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If you’ve ever driven the Pacific Coast Highway through Malibu, you might’ve noticed the Adamson House sign. The Adamson House is a California Historic Landmark and is on the national register of historic places, but there’s a good chance you’ve driven right by it without giving it a second thought.
So, what is the Adamson House? Designed by architect Stiles O. Clements and completed in 1930, The Adamson house is a wonderful example of mediterranean revival-style architecture. The two-story, ten-room home is located on Malibu lagoon state beach, just steps away from the world-famous Surfrider Beach and Malibu Pier. The Adamson house is a huge part of Malibu history.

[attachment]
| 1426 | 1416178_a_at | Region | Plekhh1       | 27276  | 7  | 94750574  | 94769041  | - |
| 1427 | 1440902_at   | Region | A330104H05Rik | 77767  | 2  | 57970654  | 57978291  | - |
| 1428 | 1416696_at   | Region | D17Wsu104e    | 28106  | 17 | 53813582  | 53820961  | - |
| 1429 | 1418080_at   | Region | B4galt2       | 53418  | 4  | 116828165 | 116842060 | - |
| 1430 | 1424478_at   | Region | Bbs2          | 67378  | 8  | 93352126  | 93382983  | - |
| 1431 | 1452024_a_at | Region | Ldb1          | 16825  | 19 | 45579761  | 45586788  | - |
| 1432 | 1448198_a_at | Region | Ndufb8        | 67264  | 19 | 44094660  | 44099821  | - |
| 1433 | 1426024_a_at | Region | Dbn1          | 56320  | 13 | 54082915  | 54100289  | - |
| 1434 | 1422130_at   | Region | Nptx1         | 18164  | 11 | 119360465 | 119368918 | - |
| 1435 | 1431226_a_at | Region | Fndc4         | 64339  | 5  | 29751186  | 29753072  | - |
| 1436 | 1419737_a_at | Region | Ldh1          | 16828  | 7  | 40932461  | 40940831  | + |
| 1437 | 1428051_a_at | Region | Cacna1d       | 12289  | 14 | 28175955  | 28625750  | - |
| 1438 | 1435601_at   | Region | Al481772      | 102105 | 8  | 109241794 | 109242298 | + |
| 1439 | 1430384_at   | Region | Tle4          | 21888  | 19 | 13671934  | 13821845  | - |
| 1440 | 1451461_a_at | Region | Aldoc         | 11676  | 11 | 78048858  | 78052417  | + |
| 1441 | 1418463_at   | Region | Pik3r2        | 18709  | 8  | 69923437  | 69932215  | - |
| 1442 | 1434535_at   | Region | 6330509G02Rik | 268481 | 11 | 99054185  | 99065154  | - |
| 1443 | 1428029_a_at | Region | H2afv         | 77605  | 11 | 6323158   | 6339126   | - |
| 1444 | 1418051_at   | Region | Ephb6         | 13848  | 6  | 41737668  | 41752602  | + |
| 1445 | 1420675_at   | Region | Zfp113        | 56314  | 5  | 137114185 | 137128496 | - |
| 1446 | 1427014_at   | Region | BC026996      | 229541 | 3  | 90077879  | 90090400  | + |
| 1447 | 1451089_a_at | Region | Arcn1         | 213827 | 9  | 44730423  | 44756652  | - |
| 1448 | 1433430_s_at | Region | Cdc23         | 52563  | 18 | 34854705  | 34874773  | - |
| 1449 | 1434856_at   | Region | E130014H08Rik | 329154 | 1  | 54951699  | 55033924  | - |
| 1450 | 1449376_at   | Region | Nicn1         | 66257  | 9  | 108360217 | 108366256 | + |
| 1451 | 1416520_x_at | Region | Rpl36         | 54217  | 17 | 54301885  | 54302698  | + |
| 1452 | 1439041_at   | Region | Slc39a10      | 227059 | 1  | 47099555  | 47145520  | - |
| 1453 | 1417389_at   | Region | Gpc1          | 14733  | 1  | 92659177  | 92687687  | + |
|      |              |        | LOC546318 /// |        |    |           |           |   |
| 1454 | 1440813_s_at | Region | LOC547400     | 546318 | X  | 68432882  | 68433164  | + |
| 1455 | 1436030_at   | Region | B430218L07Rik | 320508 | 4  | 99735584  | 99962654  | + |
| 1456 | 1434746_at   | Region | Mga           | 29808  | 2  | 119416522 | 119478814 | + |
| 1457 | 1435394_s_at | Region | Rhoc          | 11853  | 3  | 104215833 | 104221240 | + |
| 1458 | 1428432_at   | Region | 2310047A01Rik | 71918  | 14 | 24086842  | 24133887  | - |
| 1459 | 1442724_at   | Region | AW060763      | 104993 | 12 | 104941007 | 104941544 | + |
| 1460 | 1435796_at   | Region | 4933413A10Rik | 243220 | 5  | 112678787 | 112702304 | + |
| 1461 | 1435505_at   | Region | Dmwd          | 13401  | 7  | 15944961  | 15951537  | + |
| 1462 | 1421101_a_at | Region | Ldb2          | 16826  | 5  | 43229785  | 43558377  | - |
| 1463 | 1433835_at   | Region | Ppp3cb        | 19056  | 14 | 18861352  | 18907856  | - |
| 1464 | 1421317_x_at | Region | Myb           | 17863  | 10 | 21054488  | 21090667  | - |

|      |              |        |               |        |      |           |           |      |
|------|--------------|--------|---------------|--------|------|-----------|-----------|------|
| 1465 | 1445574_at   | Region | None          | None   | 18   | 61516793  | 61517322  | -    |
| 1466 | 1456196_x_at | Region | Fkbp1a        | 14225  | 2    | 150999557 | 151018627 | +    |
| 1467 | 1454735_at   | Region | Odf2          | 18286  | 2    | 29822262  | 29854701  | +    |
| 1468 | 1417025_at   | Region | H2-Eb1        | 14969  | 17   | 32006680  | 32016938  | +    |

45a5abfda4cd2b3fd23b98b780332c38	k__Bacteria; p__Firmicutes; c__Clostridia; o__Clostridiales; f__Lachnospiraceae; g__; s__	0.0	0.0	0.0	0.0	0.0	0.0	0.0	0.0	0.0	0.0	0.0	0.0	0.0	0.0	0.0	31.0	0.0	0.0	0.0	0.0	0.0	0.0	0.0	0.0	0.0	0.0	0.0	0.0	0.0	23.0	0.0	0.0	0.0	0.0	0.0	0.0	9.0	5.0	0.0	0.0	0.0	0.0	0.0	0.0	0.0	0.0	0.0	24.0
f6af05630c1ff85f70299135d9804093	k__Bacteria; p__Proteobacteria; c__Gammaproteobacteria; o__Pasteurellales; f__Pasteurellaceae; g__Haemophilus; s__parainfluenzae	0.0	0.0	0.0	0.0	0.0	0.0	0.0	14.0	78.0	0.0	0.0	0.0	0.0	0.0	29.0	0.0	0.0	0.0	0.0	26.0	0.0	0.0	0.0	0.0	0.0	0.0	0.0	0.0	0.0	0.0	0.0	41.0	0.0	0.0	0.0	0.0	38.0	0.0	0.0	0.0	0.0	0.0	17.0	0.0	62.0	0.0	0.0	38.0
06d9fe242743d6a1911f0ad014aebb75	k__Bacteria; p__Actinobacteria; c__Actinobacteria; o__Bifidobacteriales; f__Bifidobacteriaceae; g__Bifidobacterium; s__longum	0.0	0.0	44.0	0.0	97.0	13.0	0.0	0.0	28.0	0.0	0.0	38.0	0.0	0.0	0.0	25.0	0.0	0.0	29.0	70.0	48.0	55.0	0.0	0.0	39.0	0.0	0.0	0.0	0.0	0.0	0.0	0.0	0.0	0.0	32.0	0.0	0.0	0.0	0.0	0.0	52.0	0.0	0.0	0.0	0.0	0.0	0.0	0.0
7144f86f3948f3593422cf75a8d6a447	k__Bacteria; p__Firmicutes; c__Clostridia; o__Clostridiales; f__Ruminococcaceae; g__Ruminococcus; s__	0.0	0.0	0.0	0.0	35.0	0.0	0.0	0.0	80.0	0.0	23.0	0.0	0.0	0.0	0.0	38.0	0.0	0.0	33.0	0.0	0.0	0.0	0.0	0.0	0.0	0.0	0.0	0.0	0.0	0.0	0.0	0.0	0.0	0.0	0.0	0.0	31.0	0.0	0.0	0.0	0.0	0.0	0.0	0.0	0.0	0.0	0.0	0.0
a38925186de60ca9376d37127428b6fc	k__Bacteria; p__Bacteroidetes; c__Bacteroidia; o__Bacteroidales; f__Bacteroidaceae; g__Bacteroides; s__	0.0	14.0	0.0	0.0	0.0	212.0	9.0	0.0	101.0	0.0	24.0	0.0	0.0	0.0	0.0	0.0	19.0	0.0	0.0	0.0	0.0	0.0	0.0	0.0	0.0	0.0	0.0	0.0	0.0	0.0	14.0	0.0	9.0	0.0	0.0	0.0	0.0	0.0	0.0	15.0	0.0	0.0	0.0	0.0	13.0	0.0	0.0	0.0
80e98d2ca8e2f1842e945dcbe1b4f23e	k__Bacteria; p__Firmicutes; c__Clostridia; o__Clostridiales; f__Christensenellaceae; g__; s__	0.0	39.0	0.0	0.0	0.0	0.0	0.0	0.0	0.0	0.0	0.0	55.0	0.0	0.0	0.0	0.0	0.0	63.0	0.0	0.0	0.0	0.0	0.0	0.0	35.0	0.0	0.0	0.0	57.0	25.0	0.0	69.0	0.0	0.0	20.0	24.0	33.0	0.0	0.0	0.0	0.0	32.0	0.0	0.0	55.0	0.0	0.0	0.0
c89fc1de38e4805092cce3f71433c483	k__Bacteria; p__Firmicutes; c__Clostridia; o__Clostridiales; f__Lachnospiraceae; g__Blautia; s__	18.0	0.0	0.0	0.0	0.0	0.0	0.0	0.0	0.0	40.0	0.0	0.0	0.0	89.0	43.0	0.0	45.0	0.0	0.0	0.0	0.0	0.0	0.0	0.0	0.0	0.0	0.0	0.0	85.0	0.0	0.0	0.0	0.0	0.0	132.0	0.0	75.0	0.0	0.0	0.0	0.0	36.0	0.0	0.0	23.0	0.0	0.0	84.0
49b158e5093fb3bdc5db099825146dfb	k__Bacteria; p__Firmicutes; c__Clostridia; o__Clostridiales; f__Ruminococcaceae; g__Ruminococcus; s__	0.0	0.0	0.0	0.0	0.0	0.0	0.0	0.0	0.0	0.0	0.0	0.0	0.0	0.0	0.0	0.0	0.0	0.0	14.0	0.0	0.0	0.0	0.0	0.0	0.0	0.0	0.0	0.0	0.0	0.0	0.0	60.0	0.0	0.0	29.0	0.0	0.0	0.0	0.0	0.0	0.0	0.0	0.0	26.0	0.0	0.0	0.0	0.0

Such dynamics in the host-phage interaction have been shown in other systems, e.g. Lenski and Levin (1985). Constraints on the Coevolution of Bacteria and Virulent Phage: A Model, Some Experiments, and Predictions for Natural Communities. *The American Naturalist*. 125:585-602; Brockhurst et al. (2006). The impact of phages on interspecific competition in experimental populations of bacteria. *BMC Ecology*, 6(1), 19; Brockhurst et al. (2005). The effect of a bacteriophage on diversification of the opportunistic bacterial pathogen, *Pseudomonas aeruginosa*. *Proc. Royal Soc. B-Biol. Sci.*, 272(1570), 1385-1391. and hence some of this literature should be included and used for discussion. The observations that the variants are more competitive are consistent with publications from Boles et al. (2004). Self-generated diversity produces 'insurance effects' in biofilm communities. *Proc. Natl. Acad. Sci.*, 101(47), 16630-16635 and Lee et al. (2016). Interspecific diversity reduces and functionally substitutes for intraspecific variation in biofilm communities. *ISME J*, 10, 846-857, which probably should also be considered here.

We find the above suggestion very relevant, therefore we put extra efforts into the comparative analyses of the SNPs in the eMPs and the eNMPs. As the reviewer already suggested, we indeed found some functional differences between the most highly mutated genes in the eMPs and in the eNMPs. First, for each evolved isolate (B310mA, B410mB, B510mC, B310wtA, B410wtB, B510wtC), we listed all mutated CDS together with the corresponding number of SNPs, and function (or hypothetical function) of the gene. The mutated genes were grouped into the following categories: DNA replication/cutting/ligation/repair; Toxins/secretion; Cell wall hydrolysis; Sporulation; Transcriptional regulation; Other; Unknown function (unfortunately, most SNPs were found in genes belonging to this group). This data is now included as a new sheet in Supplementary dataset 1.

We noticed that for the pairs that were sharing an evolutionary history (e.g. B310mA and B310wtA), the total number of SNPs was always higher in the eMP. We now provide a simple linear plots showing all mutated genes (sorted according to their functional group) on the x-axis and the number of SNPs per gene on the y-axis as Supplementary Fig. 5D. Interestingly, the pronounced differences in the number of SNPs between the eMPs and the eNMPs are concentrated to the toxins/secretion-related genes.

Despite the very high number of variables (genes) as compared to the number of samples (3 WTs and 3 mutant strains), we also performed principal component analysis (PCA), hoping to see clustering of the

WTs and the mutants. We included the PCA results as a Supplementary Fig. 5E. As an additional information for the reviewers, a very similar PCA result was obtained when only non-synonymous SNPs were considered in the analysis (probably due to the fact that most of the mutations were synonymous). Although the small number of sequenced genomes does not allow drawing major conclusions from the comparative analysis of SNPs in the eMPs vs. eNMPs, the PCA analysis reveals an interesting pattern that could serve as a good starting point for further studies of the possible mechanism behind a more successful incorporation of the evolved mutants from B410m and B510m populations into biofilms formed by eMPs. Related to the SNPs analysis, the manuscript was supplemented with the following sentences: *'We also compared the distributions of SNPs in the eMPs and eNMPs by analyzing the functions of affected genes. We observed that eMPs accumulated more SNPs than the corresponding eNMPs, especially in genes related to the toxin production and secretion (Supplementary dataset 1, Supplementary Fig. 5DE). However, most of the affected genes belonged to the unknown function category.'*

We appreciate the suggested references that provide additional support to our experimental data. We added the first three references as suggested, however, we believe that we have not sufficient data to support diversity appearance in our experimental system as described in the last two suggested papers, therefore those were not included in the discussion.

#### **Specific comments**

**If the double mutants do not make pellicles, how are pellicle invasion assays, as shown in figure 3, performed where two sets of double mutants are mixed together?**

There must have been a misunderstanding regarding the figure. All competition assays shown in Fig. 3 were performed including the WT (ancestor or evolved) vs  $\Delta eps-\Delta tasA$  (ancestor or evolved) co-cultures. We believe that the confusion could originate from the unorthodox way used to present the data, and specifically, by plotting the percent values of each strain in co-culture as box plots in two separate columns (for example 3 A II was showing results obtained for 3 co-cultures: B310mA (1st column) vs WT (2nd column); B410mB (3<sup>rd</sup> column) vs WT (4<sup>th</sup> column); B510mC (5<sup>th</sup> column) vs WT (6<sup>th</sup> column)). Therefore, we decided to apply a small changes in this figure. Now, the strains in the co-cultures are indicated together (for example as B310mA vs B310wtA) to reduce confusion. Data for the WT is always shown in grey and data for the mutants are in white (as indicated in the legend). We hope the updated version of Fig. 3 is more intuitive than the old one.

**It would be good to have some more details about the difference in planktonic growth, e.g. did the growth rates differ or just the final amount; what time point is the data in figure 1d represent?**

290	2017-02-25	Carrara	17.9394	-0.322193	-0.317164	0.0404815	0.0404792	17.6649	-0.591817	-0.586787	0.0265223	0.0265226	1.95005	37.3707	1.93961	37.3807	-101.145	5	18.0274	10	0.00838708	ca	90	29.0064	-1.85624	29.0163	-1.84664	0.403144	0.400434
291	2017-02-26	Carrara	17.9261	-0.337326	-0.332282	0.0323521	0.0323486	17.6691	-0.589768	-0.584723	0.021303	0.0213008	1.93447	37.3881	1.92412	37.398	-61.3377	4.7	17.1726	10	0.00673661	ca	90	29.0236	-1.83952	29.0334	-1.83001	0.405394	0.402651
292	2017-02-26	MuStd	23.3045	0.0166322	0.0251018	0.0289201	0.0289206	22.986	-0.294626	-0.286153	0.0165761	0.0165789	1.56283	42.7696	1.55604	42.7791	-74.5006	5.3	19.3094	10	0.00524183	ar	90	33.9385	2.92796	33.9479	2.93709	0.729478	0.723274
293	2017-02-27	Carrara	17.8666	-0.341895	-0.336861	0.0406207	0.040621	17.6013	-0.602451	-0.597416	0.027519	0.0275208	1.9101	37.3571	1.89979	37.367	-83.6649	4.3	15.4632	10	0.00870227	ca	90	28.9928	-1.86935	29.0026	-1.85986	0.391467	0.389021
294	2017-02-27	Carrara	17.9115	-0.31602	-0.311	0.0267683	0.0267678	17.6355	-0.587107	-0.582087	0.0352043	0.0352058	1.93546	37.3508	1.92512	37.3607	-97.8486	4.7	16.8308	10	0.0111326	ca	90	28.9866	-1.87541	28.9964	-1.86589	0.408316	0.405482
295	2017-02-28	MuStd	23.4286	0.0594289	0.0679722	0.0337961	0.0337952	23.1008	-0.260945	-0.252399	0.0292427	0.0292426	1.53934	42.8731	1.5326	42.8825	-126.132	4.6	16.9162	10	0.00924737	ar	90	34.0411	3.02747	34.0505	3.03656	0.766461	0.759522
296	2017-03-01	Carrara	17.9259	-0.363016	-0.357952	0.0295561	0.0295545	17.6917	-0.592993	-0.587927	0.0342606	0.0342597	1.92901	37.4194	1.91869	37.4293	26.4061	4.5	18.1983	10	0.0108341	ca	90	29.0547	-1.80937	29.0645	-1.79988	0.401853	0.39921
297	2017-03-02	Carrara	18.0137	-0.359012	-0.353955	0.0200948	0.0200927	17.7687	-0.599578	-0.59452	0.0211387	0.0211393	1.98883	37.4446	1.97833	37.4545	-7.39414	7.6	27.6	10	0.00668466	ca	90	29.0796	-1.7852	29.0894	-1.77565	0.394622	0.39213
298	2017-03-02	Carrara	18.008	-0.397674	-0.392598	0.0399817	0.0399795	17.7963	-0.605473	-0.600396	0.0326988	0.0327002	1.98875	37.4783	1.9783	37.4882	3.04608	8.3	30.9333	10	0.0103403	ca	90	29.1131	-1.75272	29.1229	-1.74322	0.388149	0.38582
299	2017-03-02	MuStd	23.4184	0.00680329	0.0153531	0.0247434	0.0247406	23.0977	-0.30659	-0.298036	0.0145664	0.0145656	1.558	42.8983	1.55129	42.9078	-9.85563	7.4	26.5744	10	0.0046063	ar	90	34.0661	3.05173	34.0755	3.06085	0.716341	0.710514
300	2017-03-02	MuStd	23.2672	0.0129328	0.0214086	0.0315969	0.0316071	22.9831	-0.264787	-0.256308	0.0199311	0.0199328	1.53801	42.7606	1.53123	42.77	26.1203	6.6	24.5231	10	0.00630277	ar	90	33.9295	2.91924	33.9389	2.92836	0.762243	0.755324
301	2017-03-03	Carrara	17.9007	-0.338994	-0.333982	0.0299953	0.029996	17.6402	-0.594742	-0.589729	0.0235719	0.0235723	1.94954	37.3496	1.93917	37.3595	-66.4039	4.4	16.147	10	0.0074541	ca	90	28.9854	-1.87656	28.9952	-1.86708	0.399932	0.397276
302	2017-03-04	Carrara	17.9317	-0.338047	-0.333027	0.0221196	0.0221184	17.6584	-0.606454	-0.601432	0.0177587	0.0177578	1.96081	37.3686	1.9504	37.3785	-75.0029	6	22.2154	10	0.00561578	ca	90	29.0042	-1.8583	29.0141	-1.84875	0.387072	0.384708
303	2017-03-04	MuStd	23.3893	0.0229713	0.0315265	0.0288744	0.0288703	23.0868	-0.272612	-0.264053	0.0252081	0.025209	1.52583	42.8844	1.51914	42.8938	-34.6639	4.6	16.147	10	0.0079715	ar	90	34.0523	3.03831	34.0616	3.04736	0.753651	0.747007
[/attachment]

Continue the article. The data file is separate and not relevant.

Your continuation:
Built for wealthy dairy farmer Merritt Adamson, and his wife Rhoda Rindge Adamson. The Adamson house showacses exquisite displays of tile that was originally produced by the Malibu Potteries company in the late 1920s. The Malibu Potteries Company unfortunately was only open from 1926 until late 1931 when a fire damaged the building beyond repair. They officially closed their doors in 1932.
Fortunately for the Adamson house, based on the beautiful tilework done throughout the home it was able to be added to the National Register of Historic Places in 1977. Today if you visit the Adamson House you can walk the grounds, visit the Malibu Lagoon Museum located inside the garage of the home, and for a small donation you can even take a docent-led tour of the inside of the home.